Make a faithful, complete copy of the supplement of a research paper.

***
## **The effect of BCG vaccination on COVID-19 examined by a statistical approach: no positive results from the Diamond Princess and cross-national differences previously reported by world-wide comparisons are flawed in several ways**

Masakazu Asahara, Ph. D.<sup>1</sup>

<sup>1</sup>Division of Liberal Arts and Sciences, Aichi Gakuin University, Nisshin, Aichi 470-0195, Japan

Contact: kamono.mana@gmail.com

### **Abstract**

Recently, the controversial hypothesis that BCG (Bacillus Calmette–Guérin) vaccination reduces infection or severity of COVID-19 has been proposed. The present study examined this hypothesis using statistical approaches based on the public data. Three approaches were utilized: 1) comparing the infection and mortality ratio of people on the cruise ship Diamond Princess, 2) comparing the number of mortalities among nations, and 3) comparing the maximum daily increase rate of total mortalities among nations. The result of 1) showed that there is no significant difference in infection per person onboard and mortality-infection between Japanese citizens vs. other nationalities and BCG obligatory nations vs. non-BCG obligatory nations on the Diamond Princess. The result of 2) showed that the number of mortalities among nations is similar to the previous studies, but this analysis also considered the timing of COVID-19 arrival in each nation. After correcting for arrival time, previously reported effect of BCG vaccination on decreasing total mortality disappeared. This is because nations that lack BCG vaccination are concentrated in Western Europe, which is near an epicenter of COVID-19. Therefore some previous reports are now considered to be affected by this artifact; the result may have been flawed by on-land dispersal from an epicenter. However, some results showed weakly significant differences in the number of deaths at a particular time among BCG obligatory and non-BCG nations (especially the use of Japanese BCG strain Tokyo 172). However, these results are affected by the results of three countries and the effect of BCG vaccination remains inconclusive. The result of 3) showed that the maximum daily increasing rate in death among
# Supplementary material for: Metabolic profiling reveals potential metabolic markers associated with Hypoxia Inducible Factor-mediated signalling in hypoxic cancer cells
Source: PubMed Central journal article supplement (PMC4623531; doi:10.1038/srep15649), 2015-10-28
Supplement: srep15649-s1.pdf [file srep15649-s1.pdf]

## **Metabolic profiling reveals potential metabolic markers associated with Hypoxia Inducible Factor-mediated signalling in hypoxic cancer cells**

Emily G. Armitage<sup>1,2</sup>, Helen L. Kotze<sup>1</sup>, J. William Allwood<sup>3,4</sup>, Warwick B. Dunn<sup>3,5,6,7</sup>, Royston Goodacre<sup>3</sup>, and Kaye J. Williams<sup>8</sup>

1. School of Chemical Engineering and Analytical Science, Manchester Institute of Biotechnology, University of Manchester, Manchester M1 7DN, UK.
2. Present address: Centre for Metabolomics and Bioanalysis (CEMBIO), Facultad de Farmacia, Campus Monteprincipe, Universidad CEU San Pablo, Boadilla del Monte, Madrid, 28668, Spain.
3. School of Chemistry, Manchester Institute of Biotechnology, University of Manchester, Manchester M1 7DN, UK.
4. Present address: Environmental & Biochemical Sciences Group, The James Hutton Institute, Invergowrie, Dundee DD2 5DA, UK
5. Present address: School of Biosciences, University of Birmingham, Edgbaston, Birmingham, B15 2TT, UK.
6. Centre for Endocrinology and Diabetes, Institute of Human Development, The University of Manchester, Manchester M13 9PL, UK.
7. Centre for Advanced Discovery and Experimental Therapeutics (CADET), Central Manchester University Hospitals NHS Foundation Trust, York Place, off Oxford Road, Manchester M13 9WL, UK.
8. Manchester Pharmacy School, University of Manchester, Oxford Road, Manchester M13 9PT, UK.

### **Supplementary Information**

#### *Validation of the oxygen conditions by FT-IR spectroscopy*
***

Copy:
## **The effect of BCG vaccination on COVID-19 examined by a statistical approach: no positive results from the Diamond Princess and cross-national differences previously reported by world-wide comparisons are flawed in several ways**

Masakazu Asahara, Ph. D.<sup>1</sup>

<sup>1</sup>Division of Liberal Arts and Sciences, Aichi Gakuin University, Nisshin, Aichi 470-0195, Japan

Contact: kamono.mana@gmail.com

### **Abstract**

Recently, the controversial hypothesis that BCG (Bacillus Calmette–Guérin) vaccination reduces infection or severity of COVID-19 has been proposed. The present study examined this hypothesis using statistical approaches based on the public data. Three approaches were utilized: 1) comparing the infection and mortality ratio of people on the cruise ship Diamond Princess, 2) comparing the number of mortalities among nations, and 3) comparing the maximum daily increase rate of total mortalities among nations. The result of 1) showed that there is no significant difference in infection per person onboard and mortality-infection between Japanese citizens vs. other nationalities and BCG obligatory nations vs. non-BCG obligatory nations on the Diamond Princess. The result of 2) showed that the number of mortalities among nations is similar to the previous studies, but this analysis also considered the timing of COVID-19 arrival in each nation. After correcting for arrival time, previously reported effect of BCG vaccination on decreasing total mortality disappeared. This is because nations that lack BCG vaccination are concentrated in Western Europe, which is near an epicenter of COVID-19. Therefore some previous reports are now considered to be affected by this artifact; the result may have been flawed by on-land dispersal from an epicenter. However, some results showed weakly significant differences in the number of deaths at a particular time among BCG obligatory and non-BCG nations (especially the use of Japanese BCG strain Tokyo 172). However, these results are affected by the results of three countries and the effect of BCG vaccination remains inconclusive. The result of 3) showed that the maximum daily increasing rate in death among
# Supplementary material for: Metabolic profiling reveals potential metabolic markers associated with Hypoxia Inducible Factor-mediated signalling in hypoxic cancer cells
Source: PubMed Central journal article supplement (PMC4623531; doi:10.1038/srep15649), 2015-10-28
Supplement: srep15649-s1.pdf [file srep15649-s1.pdf]

## **Metabolic profiling reveals potential metabolic markers associated with Hypoxia Inducible Factor-mediated signalling in hypoxic cancer cells**

Emily G. Armitage<sup>1,2</sup>, Helen L. Kotze<sup>1</sup>, J. William Allwood<sup>3,4</sup>, Warwick B. Dunn<sup>3,5,6,7</sup>, Royston Goodacre<sup>3</sup>, and Kaye J. Williams<sup>8</sup>

1. School of Chemical Engineering and Analytical Science, Manchester Institute of Biotechnology, University of Manchester, Manchester M1 7DN, UK.
2. Present address: Centre for Metabolomics and Bioanalysis (CEMBIO), Facultad de Farmacia, Campus Monteprincipe, Universidad CEU San Pablo, Boadilla del Monte, Madrid, 28668, Spain.
3. School of Chemistry, Manchester Institute of Biotechnology, University of Manchester, Manchester M1 7DN, UK.
4. Present address: Environmental & Biochemical Sciences Group, The James Hutton Institute, Invergowrie, Dundee DD2 5DA, UK
5. Present address: School of Biosciences, University of Birmingham, Edgbaston, Birmingham, B15 2TT, UK.
6. Centre for Endocrinology and Diabetes, Institute of Human Development, The University of Manchester, Manchester M13 9PL, UK.
7. Centre for Advanced Discovery and Experimental Therapeutics (CADET), Central Manchester University Hospitals NHS Foundation Trust, York Place, off Oxford Road, Manchester M13 9WL, UK.
8. Manchester Pharmacy School, University of Manchester, Oxford Road, Manchester M13 9PT, UK.

### **Supplementary Information**

#### *Validation of the oxygen conditions by FT-IR spectroscopy*